Wednesday, May 24, 2017

How to Be a Stoic - 3:AM Magazine

3AM: What are the most compelling parts of Stoicism?

MP: I can’t speak for others, but I find the fundamental idea that a life worth living is one during which one strives every day to become a better person to be compelling. The Stoics do this by mindfully practicing four cardinal virtues: practical wisdom, the ability to navigate complex situations in the best way available; courage, to do the right thing; temperance, so to always act in proportion to the need of the situation; and justice, treating others with fairness, as fellow human beings.

I also find some of the Stoic techniques to be very useful. For instance, the evening philosophical diary, in which I interrogate myself about the difficult parts of my day, reflecting on what I did right, what I did wrong, and what I could do better the next time around. Or the exercises in mild self-denial, like occasional fasting, or even taking a cold shower. They remind me of just how good my life normally is, when I can count on things like hot water and a nice meal, which are definitely not a given for everyone on the planet. Think of them as exercises in gratitude, but in practice, not just words.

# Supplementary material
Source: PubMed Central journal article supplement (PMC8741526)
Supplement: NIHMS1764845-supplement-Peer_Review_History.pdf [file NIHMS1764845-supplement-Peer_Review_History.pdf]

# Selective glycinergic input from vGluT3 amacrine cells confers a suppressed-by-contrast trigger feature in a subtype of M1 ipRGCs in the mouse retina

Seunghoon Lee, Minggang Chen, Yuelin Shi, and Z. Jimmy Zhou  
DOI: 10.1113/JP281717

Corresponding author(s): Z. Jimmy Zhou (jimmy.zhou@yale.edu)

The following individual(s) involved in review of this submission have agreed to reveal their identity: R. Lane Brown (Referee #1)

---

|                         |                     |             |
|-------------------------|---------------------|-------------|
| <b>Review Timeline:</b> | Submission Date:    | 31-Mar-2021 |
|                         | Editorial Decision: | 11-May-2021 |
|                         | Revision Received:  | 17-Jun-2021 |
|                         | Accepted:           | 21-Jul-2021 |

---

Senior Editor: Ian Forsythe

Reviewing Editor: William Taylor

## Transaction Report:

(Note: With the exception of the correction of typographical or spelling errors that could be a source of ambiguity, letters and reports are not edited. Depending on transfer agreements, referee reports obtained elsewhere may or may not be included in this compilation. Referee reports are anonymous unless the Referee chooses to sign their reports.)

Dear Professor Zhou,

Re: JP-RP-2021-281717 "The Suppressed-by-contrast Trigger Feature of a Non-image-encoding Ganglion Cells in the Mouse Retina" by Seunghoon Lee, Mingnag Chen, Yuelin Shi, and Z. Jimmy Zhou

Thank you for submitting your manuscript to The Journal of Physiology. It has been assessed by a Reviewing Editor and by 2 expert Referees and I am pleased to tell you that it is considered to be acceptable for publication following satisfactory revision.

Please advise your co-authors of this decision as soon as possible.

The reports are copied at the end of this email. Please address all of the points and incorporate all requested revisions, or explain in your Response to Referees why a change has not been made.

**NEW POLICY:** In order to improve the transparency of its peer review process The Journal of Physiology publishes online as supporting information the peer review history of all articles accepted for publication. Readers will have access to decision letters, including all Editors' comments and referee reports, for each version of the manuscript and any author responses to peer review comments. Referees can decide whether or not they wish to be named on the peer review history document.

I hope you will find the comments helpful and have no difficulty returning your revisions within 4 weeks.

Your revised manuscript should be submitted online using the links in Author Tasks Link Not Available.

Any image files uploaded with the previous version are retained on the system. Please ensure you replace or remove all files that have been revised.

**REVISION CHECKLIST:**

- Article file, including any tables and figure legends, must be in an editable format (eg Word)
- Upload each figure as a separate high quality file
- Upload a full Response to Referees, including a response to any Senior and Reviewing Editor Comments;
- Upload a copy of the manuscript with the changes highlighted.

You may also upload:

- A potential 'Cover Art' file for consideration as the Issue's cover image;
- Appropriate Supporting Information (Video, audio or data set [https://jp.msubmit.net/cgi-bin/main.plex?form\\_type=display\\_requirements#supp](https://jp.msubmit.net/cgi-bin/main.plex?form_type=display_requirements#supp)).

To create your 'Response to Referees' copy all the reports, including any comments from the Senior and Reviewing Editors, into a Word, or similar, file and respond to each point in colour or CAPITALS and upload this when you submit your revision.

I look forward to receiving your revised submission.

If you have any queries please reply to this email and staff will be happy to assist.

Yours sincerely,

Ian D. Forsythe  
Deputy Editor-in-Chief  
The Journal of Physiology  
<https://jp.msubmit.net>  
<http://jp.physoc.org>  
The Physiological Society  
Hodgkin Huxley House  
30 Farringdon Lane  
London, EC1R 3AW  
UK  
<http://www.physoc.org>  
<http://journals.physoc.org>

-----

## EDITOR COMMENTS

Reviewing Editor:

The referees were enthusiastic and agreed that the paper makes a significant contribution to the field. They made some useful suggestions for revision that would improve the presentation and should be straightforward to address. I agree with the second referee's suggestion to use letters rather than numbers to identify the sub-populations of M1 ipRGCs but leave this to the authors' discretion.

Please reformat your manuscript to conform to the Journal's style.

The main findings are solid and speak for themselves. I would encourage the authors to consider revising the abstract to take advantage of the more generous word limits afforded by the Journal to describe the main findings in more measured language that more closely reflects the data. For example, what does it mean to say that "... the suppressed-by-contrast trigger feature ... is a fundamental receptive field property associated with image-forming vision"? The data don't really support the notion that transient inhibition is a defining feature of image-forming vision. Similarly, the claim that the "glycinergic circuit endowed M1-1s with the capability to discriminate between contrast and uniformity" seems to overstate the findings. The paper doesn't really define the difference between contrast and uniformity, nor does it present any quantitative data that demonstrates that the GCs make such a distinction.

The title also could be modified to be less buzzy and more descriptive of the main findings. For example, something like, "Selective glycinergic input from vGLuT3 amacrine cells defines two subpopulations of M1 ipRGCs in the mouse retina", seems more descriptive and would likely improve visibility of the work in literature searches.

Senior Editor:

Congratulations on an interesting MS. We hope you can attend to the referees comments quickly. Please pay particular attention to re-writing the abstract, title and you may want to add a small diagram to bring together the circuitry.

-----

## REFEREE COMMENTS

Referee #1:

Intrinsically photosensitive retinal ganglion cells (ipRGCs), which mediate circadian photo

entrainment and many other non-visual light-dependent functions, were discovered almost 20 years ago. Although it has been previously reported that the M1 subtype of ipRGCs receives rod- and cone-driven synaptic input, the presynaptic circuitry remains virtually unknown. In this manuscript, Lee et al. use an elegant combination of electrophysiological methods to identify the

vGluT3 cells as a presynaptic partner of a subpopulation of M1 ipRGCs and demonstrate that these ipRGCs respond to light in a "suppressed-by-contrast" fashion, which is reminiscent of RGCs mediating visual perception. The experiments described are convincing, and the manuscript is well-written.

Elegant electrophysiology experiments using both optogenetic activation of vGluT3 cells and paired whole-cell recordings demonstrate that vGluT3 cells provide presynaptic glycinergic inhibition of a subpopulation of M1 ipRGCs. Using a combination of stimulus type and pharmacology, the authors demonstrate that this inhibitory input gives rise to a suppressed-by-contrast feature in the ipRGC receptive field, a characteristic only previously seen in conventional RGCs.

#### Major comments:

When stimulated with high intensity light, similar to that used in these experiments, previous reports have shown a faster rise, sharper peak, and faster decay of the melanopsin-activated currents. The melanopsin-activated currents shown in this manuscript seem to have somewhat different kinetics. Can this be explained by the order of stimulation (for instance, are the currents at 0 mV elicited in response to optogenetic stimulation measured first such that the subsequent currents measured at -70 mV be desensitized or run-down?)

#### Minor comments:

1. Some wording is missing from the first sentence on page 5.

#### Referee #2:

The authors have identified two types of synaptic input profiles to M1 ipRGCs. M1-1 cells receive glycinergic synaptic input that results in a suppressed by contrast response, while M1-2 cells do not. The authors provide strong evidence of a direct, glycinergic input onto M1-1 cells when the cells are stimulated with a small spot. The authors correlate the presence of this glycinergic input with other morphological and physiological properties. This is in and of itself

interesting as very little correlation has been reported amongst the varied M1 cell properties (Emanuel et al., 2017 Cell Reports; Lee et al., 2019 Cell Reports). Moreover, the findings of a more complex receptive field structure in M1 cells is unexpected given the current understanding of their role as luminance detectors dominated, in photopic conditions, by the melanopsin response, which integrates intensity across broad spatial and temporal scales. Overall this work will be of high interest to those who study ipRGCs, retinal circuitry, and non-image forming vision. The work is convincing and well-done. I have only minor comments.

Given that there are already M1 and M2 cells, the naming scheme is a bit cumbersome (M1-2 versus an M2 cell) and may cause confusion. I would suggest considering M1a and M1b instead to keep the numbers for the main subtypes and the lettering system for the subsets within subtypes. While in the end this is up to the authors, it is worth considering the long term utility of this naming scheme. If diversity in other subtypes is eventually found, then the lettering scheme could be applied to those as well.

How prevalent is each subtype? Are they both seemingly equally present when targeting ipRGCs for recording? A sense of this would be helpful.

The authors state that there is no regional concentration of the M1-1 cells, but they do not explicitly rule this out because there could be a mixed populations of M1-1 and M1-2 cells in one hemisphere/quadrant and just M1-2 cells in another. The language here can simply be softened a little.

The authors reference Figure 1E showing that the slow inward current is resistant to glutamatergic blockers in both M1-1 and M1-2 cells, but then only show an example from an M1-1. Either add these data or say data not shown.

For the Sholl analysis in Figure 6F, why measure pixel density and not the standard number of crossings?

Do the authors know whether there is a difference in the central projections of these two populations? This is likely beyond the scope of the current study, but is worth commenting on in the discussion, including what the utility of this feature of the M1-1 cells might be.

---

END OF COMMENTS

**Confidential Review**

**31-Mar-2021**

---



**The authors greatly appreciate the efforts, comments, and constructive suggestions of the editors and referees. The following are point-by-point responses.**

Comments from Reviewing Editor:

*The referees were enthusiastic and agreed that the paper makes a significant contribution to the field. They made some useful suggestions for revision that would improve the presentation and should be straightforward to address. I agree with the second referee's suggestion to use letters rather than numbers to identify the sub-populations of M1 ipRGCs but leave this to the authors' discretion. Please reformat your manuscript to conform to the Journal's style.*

Friday, May 19, 2017

Absolutely Fabulous: The Movie (2016) **

Would have fit well as a couple of episodes in the series but suffers from cinema's inherent gravitas, as nearly all television shows turned movies do.

Monday, May 15, 2017

If Men Were Less Awful, Would SVU Be Wicked Boring?

I’ve been a man for 44 years. And many of my friends are men. And let me tell you what happens whenever women are not around. It becomes like a Mamet/Tarantino/Labute homage. Men think dirty things. About practically everyone and everything. And we are constantly thinking dirty things even when we’re not speaking about doing dirty things. When a man checks you out on the street he will then turn to the nearest other man on the street and give him a look like “Did you see that?” And you’ll shrug or smile sheepishly to him. Or possibly you’re too busy checking that same person out to even see that guy. Or checking out that guy. We’re always checking you out.

Saturday, May 13, 2017

Excalibur (1981) **

The picture has not held up upon subsequent viewings, but remains a fine rendition of the Camelot myth. It's unfortunate it was released years after this.

Tuesday, May 09, 2017

David Lynch Quits Movie Directing

Lynch confirmed that his last feature film will be 2006’s Inland Empire, which starred Laura Dern as an actress who loses grip with reality after she starts to inhabit her characters. Though he’s now back to working in television with the upcoming revival of his cult classic Twin Peaks, it’s yet to be seen whether Lynch will make a permanent move to television like many other influential mid-budget filmmakers.

Monday, May 08, 2017

Split (2016) **